Helping Teens Safely Navigate Daylight Saving Time
Daylight saving time officially ends on Sunday, November 6, 2016, at 2 am. This means Americans across most of the country will turn their clocks back by two hours, effectively losing two hours of sleep, leading to possibly the worst Monday of the year. Besides causing a few groggy days at school or work, daylight saving time doesn’t have much effect on teens’ day-to-day lives. The only major difference fall daylight saving makes is that it gets darker much quicker and seemingly for much longer—both in the morning and the evening.
These changes just happen to coincide with the times of the day when most American adults are heading to and from work, meaning that if your teens are driving in the dark, it’ll often be during rush hour. Driving in the dark is far more dangerous than driving when it’s light out—mostly because you’re tired and because it’s more difficult to see. Even though Americans only spend about a quarter of their time driving when it’s dark, 50 percent of crashes occur after sundown. Here are some safety tips to help your teens adjust to daylight saving time changes, and drive safely when the sun goes down.
Keep the lights bright.
When it’s dark out, your depth perception, color recognition, and peripheral vision are greatly hindered. To add insult to injury, many drivers’ headlights can temporarily blind you when they drive past. To help you see better, always drive with your headlights on, making sure they’re clean and free from yellowing and fading. Humans are not that great at seeing in the dark, and bright lights can greatly improve your driving confidence and efficiency.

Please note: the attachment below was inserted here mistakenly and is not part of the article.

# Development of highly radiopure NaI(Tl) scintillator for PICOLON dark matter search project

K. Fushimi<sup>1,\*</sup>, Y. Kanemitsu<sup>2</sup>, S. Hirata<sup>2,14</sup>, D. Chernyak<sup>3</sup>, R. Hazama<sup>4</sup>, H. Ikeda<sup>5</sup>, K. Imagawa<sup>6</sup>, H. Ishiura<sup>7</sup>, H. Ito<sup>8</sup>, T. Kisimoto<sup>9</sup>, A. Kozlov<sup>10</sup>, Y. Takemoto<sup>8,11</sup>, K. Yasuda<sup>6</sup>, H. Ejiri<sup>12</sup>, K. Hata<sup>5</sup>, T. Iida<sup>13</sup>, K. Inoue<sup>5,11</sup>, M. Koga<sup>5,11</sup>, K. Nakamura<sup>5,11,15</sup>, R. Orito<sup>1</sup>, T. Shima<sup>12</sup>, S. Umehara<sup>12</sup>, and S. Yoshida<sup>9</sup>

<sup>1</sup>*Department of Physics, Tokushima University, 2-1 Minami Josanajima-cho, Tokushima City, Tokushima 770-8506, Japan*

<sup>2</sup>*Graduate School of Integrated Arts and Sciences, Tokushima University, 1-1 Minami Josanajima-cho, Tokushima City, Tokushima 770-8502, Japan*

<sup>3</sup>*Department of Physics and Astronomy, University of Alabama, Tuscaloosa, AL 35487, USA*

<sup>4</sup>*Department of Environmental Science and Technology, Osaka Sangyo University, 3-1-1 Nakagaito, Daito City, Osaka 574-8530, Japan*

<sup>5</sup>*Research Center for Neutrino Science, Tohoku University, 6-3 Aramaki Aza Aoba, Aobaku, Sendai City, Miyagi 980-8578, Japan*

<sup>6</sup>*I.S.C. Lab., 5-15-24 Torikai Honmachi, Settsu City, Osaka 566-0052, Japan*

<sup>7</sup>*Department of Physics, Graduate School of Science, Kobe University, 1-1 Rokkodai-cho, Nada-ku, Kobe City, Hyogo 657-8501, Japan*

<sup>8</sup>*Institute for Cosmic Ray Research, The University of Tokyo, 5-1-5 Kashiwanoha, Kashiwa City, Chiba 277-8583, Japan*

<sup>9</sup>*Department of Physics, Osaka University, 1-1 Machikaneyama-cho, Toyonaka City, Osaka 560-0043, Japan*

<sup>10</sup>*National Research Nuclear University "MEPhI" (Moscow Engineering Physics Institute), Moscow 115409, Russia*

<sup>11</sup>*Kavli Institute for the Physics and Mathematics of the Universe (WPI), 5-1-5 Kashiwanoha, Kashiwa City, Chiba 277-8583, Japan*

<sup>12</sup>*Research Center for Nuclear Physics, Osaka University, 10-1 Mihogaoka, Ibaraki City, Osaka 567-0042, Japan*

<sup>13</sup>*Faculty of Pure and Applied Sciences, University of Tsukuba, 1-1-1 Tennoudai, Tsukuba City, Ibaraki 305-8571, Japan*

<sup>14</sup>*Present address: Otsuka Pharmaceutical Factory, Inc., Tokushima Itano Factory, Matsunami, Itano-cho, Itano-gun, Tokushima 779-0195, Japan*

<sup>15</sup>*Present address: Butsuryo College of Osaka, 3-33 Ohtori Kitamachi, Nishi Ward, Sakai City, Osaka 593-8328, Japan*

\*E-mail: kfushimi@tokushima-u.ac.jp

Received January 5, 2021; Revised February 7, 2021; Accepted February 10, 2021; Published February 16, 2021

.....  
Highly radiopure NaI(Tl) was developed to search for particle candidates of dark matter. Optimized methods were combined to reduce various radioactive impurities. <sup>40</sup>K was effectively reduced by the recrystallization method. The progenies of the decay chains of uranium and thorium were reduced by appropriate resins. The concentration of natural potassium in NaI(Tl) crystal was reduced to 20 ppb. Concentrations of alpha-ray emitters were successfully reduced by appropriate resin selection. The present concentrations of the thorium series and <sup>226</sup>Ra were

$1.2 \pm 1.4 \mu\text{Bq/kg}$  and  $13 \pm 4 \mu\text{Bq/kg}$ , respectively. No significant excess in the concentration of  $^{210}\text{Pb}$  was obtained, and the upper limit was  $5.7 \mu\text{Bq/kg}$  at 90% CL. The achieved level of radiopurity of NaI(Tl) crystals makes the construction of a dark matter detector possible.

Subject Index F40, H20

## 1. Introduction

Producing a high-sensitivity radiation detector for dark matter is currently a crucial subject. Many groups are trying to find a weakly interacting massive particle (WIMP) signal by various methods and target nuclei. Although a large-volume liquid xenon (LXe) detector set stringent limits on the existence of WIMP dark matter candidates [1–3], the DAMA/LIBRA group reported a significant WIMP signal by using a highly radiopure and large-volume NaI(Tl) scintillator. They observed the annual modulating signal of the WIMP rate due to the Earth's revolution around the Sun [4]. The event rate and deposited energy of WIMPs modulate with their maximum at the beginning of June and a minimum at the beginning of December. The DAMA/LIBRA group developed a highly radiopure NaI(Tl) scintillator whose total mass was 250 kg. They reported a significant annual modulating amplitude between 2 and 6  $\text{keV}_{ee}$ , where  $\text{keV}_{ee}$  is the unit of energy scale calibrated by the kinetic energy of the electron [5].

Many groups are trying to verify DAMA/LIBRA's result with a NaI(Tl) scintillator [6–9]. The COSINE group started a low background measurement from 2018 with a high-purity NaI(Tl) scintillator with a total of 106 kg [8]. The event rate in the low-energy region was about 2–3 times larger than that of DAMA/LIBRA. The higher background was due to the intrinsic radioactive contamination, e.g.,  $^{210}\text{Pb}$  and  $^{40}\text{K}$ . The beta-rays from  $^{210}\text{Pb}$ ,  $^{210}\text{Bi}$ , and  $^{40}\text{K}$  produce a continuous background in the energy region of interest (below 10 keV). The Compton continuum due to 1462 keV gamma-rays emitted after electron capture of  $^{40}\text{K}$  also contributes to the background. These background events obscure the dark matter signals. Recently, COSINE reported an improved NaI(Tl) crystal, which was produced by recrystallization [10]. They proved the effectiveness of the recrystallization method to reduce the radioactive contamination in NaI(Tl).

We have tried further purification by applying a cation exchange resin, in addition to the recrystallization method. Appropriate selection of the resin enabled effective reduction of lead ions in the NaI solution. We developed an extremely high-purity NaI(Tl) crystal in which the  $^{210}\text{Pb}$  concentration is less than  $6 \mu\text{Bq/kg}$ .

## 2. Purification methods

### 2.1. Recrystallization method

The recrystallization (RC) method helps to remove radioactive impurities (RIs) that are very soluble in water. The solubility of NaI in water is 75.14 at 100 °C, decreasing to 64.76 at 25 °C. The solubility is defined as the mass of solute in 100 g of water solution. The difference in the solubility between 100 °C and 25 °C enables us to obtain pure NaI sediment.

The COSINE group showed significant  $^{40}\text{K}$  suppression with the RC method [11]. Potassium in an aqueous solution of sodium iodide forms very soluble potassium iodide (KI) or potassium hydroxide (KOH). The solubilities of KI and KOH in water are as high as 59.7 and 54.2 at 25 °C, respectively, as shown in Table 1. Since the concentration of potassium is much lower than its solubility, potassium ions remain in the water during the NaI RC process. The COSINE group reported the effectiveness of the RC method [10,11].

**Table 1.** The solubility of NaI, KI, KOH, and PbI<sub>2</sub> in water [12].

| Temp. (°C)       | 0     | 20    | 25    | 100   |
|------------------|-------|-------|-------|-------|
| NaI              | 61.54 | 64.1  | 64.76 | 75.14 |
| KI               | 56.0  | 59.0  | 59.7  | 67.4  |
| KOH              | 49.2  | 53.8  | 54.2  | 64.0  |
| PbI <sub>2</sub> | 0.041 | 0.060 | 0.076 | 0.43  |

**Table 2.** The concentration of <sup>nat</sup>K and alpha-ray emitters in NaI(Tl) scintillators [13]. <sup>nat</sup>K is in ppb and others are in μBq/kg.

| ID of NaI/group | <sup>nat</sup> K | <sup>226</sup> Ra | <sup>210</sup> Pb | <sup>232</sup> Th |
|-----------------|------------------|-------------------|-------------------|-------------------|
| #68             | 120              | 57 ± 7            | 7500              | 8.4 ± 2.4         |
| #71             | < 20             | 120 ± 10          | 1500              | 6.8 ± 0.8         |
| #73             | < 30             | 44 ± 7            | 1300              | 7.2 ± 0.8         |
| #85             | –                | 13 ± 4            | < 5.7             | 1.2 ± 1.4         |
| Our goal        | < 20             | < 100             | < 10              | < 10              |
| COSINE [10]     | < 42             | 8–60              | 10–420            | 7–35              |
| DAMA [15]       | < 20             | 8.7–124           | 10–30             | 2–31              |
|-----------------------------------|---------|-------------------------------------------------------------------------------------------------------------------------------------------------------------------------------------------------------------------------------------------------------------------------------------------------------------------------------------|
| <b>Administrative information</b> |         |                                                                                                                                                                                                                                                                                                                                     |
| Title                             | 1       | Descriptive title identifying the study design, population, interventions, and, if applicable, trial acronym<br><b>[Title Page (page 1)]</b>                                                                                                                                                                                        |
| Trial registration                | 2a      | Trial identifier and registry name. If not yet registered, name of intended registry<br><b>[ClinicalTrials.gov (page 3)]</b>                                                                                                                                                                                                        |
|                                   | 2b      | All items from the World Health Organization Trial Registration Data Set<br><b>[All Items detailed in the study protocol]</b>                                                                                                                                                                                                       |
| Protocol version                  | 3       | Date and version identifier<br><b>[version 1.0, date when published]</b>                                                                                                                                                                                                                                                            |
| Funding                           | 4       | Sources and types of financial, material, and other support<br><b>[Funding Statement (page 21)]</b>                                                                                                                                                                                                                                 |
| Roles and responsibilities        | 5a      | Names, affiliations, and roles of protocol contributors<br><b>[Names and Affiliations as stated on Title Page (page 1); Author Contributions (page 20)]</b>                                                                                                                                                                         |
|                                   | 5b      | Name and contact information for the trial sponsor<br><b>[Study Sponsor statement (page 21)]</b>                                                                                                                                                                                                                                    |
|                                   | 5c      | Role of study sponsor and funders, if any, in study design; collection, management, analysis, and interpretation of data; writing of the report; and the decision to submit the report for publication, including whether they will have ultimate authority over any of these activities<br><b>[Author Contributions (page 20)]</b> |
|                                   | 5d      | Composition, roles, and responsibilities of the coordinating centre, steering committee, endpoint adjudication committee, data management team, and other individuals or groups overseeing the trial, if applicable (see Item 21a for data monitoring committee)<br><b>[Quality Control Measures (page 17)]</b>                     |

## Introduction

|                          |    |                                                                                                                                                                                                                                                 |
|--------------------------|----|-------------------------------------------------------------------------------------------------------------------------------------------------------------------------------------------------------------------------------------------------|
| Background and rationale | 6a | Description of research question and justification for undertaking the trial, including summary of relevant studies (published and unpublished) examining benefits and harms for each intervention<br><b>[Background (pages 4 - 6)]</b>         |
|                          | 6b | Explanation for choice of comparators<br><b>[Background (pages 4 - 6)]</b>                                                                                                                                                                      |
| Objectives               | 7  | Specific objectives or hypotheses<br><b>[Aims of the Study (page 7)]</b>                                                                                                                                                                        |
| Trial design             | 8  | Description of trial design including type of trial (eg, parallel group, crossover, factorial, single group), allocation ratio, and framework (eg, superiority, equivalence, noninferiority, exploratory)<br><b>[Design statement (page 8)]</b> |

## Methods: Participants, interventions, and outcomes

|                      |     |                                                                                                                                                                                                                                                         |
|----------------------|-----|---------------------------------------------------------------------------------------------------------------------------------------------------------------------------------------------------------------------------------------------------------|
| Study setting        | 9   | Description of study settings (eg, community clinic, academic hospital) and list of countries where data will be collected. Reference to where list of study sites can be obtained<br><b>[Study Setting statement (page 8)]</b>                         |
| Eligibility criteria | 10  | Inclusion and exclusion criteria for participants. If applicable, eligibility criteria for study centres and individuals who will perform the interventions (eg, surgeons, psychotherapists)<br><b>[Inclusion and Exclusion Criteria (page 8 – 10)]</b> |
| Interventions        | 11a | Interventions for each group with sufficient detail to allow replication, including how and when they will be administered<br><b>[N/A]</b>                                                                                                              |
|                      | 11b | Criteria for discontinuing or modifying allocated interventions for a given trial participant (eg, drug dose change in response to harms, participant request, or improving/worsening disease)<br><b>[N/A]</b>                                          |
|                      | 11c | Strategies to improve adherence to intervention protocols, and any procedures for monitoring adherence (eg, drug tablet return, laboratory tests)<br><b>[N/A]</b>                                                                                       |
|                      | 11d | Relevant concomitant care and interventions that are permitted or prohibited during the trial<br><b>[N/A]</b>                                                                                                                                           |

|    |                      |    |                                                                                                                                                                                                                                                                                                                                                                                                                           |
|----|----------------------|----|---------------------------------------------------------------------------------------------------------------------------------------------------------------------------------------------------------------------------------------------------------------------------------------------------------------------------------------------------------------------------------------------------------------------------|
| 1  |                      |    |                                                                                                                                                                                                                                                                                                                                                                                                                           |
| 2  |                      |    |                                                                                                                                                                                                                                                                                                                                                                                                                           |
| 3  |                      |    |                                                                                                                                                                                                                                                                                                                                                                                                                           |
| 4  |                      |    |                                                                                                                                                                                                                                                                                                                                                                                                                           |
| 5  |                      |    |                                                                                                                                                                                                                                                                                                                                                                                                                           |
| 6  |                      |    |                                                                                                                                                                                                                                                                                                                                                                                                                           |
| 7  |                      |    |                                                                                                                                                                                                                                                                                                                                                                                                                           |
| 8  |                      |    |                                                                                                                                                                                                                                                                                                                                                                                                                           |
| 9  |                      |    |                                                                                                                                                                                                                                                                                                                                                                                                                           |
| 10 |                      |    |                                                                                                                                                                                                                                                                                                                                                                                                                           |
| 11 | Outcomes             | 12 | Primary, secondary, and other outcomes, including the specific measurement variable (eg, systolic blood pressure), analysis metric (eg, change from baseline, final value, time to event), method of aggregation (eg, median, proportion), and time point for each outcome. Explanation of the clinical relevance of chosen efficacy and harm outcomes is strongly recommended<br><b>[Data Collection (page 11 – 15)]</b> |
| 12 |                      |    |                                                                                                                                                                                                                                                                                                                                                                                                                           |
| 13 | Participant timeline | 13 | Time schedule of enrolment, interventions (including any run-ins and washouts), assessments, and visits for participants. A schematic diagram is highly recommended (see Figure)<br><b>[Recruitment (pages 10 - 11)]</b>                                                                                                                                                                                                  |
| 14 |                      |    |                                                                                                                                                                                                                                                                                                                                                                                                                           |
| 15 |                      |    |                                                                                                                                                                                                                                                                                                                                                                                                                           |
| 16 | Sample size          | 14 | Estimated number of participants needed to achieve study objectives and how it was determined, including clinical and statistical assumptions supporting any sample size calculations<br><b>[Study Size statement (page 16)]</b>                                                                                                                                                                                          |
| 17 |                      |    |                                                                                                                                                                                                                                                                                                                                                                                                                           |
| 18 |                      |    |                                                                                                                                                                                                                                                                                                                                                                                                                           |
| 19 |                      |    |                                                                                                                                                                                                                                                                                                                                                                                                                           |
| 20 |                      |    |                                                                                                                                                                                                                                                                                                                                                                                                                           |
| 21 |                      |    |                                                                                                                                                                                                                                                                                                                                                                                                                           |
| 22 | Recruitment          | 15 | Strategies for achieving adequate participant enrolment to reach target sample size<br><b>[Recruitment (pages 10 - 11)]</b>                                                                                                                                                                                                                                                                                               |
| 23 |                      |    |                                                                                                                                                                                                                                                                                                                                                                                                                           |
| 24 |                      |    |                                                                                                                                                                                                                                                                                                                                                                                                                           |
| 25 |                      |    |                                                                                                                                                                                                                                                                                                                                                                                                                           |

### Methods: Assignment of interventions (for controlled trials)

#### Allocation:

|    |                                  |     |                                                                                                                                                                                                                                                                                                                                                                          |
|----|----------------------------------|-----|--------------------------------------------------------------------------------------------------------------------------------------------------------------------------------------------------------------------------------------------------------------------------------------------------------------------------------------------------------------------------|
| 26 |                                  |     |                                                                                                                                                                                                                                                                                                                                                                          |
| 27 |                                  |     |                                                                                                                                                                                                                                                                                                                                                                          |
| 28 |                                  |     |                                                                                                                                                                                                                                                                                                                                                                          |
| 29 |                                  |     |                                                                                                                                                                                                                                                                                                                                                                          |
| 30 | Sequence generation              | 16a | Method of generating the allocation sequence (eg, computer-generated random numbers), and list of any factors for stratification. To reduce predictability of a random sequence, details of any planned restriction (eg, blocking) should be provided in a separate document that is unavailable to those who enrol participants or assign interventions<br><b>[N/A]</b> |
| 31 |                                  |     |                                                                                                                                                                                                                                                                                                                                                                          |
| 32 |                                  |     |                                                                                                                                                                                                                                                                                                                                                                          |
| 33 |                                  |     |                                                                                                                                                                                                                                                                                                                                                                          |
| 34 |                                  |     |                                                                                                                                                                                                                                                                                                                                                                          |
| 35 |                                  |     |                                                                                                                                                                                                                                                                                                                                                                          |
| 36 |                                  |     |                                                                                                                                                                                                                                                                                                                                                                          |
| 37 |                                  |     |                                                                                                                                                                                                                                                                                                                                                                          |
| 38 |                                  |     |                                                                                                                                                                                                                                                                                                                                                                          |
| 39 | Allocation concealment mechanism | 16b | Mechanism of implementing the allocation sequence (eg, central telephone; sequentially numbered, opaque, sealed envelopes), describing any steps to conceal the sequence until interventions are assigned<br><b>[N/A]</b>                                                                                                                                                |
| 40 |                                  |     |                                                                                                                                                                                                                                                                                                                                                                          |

Take your time.
It’s hard to avoid the temptation of speeding—especially if you’re running late for school or work or want to get home to see your loved ones. Speeding in itself is dangerous, but pair it with darkness, and you’ve got a recipe for disaster. Don’t drive impatiently. It can be tempting to quickly pass a slowpoke driving in the left lane, but take your time to look around more than you would in the day, ensuring that you’re clear to pass safely.
Drowsy driving is a huge problem with teens, who often work unconventional hours and spend nights out with their friends. According to the National Sleep Foundation, adults between 18 and 29 years of age are 71 percent more likely to drive while sleepy, compared to 52 percent of older adults. Encourage your teens to get a good night’s sleep every night, stop and take a nap if they’re drowsy, and avoid driving late at night.
Teenage driving can be a very scary subject for parents—especially when you factor in nighttime driving. And there’s good reason for this: Sixteen-year-olds are nearly twice as likely to be involved in fatal car accidents at night, and 15 percent of teenage nighttime car accidents happen between 9 p.m. and midnight. But as a parent, you’re not powerless. Help your teens practice safe driving techniques, and encourage them to avoid driving when it’s dark outside. With your help, your teenage drivers will stay safe during daylight saving time.
At Bachus & Schanker, we know how important your teen’s safety is to you. If you or a teen you know were injured in an accident, contact a knowledgeable Colorado personal injury lawyer who can evaluate your case and help get you the compensation you deserve.
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